A marked rise in Fair Trading Act complaints shows consumer rights are being ignored by too many retailers, Consumer NZ says.
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The Commerce Commission’s annual Consumer Issues report shows a 24% rise in Fair Trading Act complaints since 2015. Complaints about potential breaches of the act jumped from 5489 in 2014/15 to 6798 this year.
Pricing practices, and claims about goods and services were the most common issues raised in complaints. Online sales comprised 42% of all complaints.
Consumer NZ chief executive Sue Chetwin said it was disappointing, but not surprising, to see Spark and Vodafone again topping the list of the most complained about traders.
Vodafone attracted 186 complaints this year and Spark 180. Foodstuffs, owner of the New World and Pak’nSave supermarket brands, followed them with 98 complaints.
Rounding out the top 10 were 2degrees (88), Noel Leeming (82), Air New Zealand (77), Vocus Communications (68), Progressive Enterprises (66), Wilson Parking (62) and Viagogo (57).
Ms Chetwin said companies named in the commission’s report were also a common cause of complaints to Consumer NZ’s advisory service, which receives about 4000 inquiries a year.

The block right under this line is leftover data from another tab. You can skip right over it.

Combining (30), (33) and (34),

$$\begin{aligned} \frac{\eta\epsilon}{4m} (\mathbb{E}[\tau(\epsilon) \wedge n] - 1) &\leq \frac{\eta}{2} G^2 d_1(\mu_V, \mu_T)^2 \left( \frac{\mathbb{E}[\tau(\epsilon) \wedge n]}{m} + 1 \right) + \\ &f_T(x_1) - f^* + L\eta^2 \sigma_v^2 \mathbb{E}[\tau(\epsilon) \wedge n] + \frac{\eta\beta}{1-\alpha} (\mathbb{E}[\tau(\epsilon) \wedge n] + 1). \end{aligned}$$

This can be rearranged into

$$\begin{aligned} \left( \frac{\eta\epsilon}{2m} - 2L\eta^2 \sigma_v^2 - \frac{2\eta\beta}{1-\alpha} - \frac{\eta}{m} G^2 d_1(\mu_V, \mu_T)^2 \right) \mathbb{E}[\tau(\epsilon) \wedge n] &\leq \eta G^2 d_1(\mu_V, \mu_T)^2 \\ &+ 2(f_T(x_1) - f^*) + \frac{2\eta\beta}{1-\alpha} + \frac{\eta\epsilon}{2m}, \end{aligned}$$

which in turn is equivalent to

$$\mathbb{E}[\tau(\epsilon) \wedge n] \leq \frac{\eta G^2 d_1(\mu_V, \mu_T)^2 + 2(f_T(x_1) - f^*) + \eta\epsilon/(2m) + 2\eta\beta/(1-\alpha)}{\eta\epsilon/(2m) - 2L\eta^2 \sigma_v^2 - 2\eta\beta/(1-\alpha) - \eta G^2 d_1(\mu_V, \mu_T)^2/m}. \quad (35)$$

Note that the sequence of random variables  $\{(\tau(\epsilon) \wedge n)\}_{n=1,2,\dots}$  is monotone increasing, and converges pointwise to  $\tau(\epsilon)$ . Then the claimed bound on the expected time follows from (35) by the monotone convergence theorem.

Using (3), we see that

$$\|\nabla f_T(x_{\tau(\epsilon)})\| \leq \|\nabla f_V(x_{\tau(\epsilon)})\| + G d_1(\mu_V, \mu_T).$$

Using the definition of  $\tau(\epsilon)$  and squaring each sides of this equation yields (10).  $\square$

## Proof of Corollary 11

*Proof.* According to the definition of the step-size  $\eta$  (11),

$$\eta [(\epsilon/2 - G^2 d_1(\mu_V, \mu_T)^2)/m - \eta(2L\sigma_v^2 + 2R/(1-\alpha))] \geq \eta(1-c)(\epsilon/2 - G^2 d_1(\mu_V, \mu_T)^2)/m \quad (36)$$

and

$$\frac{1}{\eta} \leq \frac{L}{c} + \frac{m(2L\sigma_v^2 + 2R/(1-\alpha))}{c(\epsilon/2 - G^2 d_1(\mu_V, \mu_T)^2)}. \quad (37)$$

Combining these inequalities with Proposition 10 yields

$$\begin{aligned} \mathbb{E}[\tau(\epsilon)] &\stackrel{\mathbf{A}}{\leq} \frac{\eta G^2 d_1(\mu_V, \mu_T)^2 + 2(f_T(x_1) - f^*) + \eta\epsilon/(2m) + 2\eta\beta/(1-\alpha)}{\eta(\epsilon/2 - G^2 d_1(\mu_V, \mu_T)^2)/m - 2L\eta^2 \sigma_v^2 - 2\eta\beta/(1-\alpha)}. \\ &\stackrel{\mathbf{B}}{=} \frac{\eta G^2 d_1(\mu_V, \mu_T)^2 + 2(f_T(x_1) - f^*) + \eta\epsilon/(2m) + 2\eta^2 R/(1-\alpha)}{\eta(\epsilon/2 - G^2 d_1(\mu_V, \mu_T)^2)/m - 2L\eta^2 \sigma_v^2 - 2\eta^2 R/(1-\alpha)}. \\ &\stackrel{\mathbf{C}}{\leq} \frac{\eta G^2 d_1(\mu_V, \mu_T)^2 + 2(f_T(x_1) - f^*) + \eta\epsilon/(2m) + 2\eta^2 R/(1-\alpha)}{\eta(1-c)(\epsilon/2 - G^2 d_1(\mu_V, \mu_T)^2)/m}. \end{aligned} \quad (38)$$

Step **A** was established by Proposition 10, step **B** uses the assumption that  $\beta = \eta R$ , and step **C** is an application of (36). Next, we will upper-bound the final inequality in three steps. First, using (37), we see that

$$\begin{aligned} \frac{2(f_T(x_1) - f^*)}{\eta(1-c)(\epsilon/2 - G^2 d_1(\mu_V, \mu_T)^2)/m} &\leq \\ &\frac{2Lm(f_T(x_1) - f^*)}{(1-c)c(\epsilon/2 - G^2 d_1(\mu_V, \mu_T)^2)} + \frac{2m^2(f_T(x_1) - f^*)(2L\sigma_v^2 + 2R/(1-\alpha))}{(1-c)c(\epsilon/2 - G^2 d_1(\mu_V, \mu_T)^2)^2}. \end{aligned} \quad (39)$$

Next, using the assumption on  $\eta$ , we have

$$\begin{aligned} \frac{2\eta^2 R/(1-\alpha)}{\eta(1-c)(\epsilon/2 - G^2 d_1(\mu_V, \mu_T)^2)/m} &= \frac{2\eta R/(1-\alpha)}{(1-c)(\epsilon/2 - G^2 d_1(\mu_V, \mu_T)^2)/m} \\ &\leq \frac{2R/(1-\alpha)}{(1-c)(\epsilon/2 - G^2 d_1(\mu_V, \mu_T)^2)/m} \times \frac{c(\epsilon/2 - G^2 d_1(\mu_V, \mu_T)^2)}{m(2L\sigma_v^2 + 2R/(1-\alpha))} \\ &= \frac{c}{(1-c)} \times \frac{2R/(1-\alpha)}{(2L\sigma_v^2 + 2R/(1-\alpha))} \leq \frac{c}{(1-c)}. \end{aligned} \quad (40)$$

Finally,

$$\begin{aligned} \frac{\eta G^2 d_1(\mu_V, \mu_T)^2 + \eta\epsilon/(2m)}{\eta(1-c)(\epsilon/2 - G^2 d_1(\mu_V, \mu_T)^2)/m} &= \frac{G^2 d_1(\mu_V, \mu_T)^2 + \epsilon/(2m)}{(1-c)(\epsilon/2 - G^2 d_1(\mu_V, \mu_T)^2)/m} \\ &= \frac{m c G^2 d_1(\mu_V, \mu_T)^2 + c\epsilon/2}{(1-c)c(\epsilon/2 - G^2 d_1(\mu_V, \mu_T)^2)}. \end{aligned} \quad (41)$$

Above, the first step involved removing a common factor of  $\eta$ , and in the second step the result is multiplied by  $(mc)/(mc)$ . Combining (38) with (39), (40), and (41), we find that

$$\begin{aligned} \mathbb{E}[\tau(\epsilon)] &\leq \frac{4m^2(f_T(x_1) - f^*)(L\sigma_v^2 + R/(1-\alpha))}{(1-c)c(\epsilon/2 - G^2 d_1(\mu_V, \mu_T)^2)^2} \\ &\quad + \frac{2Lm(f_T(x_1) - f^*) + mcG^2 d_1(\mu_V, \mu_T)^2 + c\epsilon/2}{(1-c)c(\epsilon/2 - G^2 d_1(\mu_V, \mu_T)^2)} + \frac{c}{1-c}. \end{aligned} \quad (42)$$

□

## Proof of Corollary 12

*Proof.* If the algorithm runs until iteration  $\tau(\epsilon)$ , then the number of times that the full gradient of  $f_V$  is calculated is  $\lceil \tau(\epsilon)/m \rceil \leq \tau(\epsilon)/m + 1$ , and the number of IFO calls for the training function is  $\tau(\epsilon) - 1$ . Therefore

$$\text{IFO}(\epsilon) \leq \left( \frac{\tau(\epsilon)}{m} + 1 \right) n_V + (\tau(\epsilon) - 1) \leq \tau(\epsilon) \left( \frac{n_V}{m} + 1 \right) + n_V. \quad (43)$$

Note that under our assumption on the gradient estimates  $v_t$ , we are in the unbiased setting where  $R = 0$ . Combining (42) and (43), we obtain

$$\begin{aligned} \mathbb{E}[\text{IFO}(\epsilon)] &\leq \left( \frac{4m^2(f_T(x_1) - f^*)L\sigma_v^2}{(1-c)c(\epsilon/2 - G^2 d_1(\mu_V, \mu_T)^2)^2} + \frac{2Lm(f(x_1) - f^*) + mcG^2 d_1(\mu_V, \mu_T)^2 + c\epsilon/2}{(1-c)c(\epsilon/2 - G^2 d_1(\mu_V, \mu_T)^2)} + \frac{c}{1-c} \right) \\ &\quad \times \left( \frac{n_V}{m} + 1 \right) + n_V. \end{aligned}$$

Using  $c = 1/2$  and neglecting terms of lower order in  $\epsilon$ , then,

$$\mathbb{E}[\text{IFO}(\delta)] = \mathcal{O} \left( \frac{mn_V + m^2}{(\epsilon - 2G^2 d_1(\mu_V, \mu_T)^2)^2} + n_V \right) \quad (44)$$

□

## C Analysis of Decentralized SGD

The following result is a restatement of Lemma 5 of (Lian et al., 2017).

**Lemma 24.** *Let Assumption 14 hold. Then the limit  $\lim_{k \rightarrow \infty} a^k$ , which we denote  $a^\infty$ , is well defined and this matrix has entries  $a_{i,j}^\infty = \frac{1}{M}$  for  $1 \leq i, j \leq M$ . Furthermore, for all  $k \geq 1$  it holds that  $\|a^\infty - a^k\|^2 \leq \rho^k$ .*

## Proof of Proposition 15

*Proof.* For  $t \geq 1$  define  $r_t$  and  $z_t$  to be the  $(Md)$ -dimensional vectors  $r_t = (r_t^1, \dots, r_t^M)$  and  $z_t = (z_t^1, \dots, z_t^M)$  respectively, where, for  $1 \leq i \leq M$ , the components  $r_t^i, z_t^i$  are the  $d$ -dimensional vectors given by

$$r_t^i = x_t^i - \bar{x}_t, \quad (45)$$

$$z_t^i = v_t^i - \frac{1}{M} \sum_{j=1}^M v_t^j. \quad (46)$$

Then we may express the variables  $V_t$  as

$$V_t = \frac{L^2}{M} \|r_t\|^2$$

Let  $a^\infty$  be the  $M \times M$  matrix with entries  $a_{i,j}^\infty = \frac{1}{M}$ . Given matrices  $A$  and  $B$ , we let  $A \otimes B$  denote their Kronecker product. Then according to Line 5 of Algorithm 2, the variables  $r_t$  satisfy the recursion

“The telco industry and appliance retailers regularly feature in complaints to us. Despite the fact the Fair Trading Act and Consumer Guarantees Act have been in place for over 20 years, some traders are still deliberately hazy about their responsibilities,” she said.
The commission’s report also showed 242 complaints were received about potential breaches of the Credit Contracts and Consumer Finance Act.
A significant proportion of complaints (22%) related to lenders failing to comply with their responsible lending obligations. Ms Chetwin said 54 complaints concerned the lender failing to make reasonable inquiries about a borrower’s needs or their ability to repay the loan.
“Responsible lending rules were meant to ensure banks and others lenders didn’t extend credit to consumers who couldn’t afford to repay the money. It’s a major concern if lenders aren’t playing by the rules,” she said.
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